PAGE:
THE BLOG

26
Feb

In Order to Think Big, Sometimes You Have to Think Small

bag-and-hands

Photo Credit: Alejandro Escamilla

Most companies value creativity and want to capture the generative powers of novel ideas for their employees and businesses. And yet, we’ve only begun to grapple with how to bring the complex powers of creativity into our offices. The main challenge is the mechanics of how it works still remains elusive. And if we don’t understand the mechanics of creative production, how can we thoroughly encourage it in our teams? Right now, most companies aren’t, at least not successfully.

A recent Harvard Business School study surveyed 3,500 companies and found that few employees were given incentives, time or resources to creatively solve business problems or seek new paths of innovation. Even Google, the world’s most innovative company, whose leaders are vocal champions of group work and collaboration, recently released a study of its own methods for organizing collaborative group work and surprisingly concluded there were no clear patterns for productive group work.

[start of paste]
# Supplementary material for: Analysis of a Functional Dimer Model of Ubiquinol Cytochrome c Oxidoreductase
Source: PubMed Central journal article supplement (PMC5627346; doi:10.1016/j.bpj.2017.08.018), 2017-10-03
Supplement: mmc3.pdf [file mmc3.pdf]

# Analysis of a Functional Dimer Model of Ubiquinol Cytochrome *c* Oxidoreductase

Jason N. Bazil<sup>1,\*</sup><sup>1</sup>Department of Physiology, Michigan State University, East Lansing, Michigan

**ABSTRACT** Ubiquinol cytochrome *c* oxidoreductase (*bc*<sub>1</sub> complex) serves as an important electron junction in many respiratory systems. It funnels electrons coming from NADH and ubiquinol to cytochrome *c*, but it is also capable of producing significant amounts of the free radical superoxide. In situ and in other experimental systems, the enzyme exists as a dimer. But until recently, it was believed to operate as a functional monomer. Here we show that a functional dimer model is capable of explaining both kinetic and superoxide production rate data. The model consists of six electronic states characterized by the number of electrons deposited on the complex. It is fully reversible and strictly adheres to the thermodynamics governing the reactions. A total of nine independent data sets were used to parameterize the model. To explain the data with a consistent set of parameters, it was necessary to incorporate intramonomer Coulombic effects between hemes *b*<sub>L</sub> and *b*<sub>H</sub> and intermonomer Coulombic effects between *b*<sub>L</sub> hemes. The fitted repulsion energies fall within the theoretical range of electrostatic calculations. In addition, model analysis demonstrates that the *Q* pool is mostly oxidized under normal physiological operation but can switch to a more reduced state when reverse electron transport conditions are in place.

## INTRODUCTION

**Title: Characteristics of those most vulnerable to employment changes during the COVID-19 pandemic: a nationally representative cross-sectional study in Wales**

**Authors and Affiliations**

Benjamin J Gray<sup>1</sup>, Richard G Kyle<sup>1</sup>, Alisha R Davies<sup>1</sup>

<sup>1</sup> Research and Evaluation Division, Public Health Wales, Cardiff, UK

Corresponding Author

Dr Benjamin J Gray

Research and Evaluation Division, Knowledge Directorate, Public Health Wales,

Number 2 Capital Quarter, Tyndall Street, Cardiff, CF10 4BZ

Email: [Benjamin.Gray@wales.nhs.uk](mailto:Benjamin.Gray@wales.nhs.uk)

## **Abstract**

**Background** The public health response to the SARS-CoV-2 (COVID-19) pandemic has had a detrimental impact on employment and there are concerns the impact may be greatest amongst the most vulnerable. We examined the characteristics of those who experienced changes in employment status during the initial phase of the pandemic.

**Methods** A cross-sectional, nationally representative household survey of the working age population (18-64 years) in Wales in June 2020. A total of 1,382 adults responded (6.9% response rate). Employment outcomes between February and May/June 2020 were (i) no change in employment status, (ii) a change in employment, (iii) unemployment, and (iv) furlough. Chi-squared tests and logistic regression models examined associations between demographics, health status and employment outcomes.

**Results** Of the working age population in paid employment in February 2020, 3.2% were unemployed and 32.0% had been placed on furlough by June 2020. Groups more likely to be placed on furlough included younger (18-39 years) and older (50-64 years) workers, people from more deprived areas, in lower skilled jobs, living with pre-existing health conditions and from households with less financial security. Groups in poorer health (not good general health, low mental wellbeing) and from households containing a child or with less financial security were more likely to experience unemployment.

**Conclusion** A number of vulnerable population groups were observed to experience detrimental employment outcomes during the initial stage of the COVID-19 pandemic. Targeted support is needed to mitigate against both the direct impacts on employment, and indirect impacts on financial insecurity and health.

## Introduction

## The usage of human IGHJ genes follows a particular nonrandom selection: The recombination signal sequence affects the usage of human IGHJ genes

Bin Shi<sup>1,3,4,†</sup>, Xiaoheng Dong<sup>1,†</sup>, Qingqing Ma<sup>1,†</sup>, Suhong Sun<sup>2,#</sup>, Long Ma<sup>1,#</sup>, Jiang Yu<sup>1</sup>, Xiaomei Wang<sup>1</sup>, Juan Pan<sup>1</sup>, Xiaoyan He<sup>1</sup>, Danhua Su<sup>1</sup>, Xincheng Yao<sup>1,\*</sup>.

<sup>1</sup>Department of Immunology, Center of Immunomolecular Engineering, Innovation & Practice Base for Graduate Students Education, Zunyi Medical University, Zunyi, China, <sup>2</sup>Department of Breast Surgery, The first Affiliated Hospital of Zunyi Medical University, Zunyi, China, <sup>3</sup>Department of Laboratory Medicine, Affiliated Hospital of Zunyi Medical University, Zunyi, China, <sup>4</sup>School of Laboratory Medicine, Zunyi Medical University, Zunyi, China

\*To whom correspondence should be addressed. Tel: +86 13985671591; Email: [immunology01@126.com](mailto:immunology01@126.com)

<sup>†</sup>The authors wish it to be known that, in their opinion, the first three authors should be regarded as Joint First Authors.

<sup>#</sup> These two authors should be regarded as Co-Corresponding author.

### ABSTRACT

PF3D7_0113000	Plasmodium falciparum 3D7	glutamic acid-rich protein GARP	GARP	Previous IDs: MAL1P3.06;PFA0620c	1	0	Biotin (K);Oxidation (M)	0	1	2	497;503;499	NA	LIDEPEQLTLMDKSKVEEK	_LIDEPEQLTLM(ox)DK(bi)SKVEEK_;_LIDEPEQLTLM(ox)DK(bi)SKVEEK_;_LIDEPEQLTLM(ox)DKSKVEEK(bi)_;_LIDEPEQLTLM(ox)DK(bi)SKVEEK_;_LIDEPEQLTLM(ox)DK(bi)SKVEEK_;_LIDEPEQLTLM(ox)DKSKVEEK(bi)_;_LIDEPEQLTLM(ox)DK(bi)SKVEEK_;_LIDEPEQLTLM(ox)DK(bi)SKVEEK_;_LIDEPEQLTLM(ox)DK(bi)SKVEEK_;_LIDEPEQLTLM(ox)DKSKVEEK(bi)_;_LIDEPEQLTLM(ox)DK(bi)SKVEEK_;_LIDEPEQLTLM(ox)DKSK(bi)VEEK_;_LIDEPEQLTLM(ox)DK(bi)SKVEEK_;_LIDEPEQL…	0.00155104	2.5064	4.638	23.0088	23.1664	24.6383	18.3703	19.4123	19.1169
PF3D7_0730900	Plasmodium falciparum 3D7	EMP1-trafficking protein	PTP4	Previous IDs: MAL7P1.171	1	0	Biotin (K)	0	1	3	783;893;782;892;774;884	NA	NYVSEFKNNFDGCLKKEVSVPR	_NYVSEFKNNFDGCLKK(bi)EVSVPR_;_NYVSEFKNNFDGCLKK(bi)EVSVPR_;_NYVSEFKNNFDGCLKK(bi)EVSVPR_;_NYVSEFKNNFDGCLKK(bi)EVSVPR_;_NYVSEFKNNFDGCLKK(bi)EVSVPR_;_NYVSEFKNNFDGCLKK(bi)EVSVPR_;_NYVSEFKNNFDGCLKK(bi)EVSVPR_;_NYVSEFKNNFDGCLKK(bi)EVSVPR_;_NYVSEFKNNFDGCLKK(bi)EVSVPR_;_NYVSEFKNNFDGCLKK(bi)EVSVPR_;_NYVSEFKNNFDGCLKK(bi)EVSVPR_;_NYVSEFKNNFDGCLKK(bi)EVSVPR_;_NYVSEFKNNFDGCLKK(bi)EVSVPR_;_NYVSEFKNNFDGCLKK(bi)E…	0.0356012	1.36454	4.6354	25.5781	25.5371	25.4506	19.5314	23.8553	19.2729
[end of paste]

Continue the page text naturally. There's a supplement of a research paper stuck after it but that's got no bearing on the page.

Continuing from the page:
Part of the problem, say some neuroscientists, is we shouldn’t start with the group, team or company to study creativity. We’ve got to think small, at the level of the individual. We’ve got to grapple with the ways our individual brains churn out ideas, take imaginative leaps on smaller problems before we tackle understanding how groups can best come up with new product lines and ideas.

In their new book Wired to Create: Unravelling the Mysteries of the Creative Mind, Scott Barry Kaufman and Carolyn Gregoire reinforce this point. In their analysis, understanding the models we use in our daily lives, predicts, to some degree, how well we can expect to accomplish at work:

“We are, all in some way, wired to create everyday, and that everyday life presents opportunities to exercise and express that creativity. This can take the form of approaching a problem in a new way, seeking out beauty, developing and sticking to our own opinions (even if they are unpopular), challenging social norms, taking risks, or expressing ourselves through personal style.”